In North America, there is currently no regulation that requires EV manufacturers to collect batteries at their end-of-life and bring them back into the supply chain via a partner. This contrasts with Europe; in 2006, the European Parliament implemented a Battery Directive that regulates the manufacture and disposal of batteries in the European Union. As of 2022, it’s working on an update to this directive with new rules that apply to all types of batteries used in EVs.
“Increased regulation has been talked about in North America,” said Klanecky. “Is there a possibility that could happen in North America? Potentially. I think it’s a little bit further down the road, because there is a fairly strong infrastructure around auto recyclers, and dealerships are mostly independent in North America.”
This is where battery management service providers like Cirba Solutions come in to collect, transport and process manufacturing scrap and end-of-life batteries to extract critical minerals and bring them back into the supply chain.
Integrating mining, metals and recycling
Klanecky stressed that an integrated approach to mining and recycling is needed to ensure an adequate future supply of critical minerals.
“The goal is to make sure that we’ve got the minerals – critical elements such as lithium, nickel, cobalt and manganese – required to keep up with lithium-ion battery demand,” he said. “An important part of that is building resilient material supply chains. Security of supply is the overarching narrative for every OEM or cell manufacturer today, in addition to cost.”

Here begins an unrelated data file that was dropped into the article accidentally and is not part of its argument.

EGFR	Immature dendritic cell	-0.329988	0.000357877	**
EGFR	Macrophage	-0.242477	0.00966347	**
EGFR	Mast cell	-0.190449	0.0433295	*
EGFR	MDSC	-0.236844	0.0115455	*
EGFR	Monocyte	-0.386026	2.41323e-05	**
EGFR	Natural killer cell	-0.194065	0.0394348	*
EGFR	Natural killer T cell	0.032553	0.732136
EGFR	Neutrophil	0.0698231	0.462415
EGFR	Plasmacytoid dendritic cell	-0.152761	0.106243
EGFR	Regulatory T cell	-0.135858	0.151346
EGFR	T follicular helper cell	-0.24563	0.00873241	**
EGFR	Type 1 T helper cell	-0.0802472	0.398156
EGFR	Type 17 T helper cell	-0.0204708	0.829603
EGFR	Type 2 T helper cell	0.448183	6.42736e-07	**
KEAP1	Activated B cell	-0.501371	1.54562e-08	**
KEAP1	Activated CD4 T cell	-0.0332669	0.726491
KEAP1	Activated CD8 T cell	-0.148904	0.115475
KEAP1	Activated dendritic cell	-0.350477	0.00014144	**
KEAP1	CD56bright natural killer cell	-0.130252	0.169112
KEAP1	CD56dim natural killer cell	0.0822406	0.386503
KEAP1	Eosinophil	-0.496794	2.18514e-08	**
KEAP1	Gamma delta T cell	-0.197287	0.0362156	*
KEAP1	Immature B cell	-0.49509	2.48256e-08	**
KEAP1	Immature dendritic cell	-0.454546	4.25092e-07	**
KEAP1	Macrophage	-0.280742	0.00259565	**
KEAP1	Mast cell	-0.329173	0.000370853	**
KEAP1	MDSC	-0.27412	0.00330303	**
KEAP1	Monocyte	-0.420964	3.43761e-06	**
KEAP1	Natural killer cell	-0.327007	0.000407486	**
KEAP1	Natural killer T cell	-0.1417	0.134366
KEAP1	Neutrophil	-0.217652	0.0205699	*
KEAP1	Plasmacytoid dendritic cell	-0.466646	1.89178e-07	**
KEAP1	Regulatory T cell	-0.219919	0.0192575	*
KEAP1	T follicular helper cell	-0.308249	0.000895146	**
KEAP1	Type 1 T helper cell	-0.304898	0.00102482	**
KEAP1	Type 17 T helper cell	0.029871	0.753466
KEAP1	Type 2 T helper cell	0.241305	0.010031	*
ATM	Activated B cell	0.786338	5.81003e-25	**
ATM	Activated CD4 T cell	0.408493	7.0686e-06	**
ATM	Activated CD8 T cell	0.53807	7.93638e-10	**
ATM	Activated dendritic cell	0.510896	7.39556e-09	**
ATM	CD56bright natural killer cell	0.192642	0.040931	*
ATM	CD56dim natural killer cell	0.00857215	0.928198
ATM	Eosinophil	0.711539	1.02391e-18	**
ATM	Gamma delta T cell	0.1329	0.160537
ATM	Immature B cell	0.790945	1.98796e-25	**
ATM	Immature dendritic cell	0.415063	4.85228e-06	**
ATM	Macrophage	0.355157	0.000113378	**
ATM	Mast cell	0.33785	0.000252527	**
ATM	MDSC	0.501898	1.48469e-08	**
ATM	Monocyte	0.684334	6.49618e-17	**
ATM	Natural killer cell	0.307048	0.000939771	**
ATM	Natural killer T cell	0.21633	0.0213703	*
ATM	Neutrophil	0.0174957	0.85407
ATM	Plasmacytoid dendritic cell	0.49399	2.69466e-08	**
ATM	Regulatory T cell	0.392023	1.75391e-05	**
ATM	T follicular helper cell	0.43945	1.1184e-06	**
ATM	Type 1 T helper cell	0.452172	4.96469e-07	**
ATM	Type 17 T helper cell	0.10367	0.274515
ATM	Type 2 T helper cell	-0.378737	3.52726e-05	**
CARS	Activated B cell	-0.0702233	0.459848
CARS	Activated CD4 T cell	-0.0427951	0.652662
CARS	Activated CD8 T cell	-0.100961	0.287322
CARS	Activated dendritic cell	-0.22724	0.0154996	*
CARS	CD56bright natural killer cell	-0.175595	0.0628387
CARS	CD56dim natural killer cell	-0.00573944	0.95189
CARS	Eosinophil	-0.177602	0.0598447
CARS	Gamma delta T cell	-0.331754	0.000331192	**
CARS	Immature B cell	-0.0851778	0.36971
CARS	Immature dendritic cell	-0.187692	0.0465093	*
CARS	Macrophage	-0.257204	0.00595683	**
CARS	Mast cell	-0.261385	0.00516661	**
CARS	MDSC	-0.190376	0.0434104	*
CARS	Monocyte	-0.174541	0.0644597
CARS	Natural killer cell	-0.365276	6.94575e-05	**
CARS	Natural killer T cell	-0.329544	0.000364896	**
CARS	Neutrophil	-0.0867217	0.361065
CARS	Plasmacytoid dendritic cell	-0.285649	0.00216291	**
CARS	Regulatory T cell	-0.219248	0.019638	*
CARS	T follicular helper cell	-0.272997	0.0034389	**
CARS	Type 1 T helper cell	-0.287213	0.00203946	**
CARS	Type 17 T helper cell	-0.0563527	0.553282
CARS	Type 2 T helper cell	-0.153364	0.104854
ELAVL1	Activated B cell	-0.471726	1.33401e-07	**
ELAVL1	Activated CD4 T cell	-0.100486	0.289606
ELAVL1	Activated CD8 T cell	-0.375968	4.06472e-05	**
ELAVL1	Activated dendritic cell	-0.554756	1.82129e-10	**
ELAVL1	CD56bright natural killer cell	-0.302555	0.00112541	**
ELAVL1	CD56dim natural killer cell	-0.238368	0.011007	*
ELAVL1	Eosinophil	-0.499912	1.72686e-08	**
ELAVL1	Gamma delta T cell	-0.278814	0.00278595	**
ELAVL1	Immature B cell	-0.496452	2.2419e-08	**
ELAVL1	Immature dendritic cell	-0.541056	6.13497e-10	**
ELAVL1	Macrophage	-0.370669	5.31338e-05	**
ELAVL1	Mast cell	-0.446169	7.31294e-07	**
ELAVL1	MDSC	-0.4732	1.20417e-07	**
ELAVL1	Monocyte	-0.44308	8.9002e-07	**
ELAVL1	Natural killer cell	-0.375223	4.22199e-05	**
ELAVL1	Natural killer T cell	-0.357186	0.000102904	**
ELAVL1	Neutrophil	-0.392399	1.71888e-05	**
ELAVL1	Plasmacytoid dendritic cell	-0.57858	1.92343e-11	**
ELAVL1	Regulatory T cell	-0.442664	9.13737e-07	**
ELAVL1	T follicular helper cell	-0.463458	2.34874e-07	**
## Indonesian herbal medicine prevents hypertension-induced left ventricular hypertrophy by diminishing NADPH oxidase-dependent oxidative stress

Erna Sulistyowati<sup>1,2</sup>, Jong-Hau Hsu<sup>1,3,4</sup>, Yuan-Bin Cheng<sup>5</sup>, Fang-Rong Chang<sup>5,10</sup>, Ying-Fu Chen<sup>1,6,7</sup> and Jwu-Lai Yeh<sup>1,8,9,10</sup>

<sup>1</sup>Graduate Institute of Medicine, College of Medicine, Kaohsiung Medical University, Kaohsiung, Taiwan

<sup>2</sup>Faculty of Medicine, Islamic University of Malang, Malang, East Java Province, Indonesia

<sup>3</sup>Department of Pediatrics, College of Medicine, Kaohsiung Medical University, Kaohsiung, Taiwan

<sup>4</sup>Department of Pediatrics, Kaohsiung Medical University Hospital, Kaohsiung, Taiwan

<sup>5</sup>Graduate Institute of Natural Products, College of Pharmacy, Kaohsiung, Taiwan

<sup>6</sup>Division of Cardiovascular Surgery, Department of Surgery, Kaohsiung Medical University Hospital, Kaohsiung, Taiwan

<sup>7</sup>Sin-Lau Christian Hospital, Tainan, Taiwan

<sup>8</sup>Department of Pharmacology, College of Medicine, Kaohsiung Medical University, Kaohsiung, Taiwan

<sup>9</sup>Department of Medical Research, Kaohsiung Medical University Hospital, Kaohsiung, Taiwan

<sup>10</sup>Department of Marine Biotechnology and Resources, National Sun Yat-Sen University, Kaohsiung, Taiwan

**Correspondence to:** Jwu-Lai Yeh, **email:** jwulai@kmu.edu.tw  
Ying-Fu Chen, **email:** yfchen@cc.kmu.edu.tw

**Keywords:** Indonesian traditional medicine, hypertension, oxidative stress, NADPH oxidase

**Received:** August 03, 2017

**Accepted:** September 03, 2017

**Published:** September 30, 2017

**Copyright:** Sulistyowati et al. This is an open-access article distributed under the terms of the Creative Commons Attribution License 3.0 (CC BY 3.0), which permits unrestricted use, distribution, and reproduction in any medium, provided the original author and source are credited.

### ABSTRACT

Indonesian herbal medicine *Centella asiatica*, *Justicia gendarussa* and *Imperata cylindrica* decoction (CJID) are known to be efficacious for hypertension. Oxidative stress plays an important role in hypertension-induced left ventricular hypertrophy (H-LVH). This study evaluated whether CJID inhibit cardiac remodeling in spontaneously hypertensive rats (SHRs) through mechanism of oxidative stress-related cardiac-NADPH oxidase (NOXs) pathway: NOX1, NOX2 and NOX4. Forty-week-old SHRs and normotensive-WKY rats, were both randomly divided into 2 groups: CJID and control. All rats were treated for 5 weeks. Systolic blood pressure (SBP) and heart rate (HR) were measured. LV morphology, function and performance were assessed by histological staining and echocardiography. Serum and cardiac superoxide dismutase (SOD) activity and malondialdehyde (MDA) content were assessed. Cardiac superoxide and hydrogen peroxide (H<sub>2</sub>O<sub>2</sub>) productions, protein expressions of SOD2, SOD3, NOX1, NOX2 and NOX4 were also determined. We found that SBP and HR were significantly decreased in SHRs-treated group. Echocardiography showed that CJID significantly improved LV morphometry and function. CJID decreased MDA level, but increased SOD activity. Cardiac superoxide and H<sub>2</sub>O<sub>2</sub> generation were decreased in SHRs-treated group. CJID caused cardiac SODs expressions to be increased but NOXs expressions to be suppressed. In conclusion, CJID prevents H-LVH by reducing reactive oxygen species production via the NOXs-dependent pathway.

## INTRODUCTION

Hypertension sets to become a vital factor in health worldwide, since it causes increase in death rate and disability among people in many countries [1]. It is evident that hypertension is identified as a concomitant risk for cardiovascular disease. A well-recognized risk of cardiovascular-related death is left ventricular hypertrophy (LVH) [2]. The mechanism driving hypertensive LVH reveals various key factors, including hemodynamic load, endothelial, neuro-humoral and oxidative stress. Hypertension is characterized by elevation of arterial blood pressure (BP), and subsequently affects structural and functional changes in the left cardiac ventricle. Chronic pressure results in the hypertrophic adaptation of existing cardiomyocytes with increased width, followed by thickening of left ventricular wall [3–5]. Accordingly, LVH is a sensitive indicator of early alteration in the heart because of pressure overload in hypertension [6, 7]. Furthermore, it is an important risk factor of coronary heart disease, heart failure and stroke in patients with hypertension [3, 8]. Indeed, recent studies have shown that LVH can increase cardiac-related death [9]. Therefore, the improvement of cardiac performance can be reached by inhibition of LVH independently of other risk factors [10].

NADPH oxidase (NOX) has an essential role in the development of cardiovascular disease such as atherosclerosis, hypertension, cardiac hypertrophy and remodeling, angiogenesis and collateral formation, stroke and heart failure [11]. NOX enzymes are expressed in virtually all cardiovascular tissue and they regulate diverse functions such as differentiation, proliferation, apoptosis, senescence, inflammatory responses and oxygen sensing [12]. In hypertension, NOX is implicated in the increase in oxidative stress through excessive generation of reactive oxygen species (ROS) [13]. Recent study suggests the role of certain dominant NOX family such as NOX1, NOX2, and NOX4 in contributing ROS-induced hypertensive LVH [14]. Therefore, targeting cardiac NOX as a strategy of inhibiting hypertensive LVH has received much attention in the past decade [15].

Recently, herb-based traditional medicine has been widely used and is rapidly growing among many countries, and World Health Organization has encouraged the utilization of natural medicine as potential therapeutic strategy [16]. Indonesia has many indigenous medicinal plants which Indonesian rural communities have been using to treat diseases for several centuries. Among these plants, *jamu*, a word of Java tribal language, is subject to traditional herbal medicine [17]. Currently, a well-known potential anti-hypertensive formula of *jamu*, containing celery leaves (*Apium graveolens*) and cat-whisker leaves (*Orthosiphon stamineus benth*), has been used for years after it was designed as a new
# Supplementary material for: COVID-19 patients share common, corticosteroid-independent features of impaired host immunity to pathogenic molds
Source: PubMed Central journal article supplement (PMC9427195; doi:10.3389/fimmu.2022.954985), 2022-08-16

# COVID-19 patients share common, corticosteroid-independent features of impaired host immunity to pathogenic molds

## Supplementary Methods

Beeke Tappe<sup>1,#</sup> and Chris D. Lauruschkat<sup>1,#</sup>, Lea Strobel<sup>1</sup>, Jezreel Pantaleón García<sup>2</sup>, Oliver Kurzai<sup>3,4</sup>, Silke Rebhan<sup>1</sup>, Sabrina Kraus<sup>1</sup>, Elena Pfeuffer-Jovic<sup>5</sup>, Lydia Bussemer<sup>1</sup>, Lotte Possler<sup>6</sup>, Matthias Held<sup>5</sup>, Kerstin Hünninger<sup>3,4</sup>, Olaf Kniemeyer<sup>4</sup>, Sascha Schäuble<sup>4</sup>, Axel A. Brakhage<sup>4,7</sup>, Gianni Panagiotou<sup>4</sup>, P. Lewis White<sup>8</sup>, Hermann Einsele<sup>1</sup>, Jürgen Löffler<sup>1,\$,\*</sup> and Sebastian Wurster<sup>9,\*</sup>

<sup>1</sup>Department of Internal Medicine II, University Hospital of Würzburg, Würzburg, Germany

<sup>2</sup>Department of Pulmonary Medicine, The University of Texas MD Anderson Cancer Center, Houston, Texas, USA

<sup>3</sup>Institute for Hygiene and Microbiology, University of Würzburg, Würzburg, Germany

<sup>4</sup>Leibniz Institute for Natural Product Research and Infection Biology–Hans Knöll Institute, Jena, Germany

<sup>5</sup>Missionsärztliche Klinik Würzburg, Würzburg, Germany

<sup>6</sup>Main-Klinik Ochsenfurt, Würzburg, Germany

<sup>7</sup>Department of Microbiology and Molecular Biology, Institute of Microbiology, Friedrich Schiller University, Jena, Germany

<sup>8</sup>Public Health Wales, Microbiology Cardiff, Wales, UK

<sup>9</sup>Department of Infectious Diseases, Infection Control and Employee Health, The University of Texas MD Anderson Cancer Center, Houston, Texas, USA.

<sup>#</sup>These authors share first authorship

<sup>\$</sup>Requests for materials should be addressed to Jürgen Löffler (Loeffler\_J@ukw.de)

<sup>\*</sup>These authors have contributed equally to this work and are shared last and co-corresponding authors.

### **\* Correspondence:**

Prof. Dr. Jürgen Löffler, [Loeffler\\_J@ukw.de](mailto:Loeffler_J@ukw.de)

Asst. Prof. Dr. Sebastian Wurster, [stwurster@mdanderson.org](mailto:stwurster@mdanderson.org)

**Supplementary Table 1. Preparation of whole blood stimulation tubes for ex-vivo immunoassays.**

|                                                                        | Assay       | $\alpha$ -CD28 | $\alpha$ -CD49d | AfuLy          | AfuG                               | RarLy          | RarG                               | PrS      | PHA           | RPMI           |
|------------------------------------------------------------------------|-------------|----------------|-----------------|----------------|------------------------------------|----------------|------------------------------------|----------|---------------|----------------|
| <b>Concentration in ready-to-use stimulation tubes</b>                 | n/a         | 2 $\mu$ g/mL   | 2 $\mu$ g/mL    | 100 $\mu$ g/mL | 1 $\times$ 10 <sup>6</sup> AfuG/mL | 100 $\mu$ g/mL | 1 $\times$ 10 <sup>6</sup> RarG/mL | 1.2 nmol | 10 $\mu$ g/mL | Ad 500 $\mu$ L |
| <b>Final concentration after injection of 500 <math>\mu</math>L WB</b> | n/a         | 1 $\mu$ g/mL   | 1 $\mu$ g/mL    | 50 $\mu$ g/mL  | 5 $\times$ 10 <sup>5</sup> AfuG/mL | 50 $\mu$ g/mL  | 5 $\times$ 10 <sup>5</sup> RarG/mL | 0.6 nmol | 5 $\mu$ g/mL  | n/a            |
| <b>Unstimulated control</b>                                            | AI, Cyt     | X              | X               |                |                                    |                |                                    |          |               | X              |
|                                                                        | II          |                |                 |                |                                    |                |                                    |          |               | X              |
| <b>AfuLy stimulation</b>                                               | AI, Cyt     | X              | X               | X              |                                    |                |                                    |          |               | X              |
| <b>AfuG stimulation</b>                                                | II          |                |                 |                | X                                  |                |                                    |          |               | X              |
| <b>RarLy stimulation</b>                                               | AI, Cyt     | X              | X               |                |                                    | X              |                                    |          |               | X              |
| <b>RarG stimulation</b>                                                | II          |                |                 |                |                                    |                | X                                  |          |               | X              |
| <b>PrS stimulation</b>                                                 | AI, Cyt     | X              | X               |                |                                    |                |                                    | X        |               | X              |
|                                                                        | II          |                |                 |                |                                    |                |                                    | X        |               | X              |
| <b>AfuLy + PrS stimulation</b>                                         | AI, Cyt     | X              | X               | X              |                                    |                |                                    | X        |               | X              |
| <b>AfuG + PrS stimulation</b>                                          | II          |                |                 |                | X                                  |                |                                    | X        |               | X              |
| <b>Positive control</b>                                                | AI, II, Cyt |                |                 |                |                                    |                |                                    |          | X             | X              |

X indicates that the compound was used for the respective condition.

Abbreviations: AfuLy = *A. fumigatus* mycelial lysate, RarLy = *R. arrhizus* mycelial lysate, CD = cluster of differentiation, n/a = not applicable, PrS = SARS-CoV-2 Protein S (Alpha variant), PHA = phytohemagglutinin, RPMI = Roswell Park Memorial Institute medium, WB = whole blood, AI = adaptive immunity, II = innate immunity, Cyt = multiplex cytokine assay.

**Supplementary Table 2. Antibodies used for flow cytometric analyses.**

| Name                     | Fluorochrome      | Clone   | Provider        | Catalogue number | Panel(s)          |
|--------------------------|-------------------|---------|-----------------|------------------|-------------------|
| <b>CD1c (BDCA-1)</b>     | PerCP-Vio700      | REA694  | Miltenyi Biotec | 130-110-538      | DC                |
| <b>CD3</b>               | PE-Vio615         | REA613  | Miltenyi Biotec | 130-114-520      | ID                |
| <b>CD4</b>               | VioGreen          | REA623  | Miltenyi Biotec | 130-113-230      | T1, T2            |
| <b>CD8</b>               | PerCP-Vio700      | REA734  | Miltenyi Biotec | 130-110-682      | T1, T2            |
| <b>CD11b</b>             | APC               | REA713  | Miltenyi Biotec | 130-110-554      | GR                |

To circumvent geopolitical issues, many countries are trying to regionalise and localise the domestic supply of battery minerals as much as possible. Over 800 gigawatts of battery production capacity has recently been announced in North America alone and Bloomberg New Energy Finance predicted that annual demand for lithium-ion batteries will surpass 2.7 terawatt-hours (TWh) by 2030.
Klanecky thinks that collaborations are key to maximising recycling’s contribution to battery supply chains. “We collaborate very closely with our customers,” he commented. “It’s important for us to understand what their needs are and what they’re doing, but also to look at their forecasts to understand the supply and demand dynamics.
“For instance, what are they looking for in a partner? Do they want materials back, or other types of services that we provide, like collection or diagnostic testing?”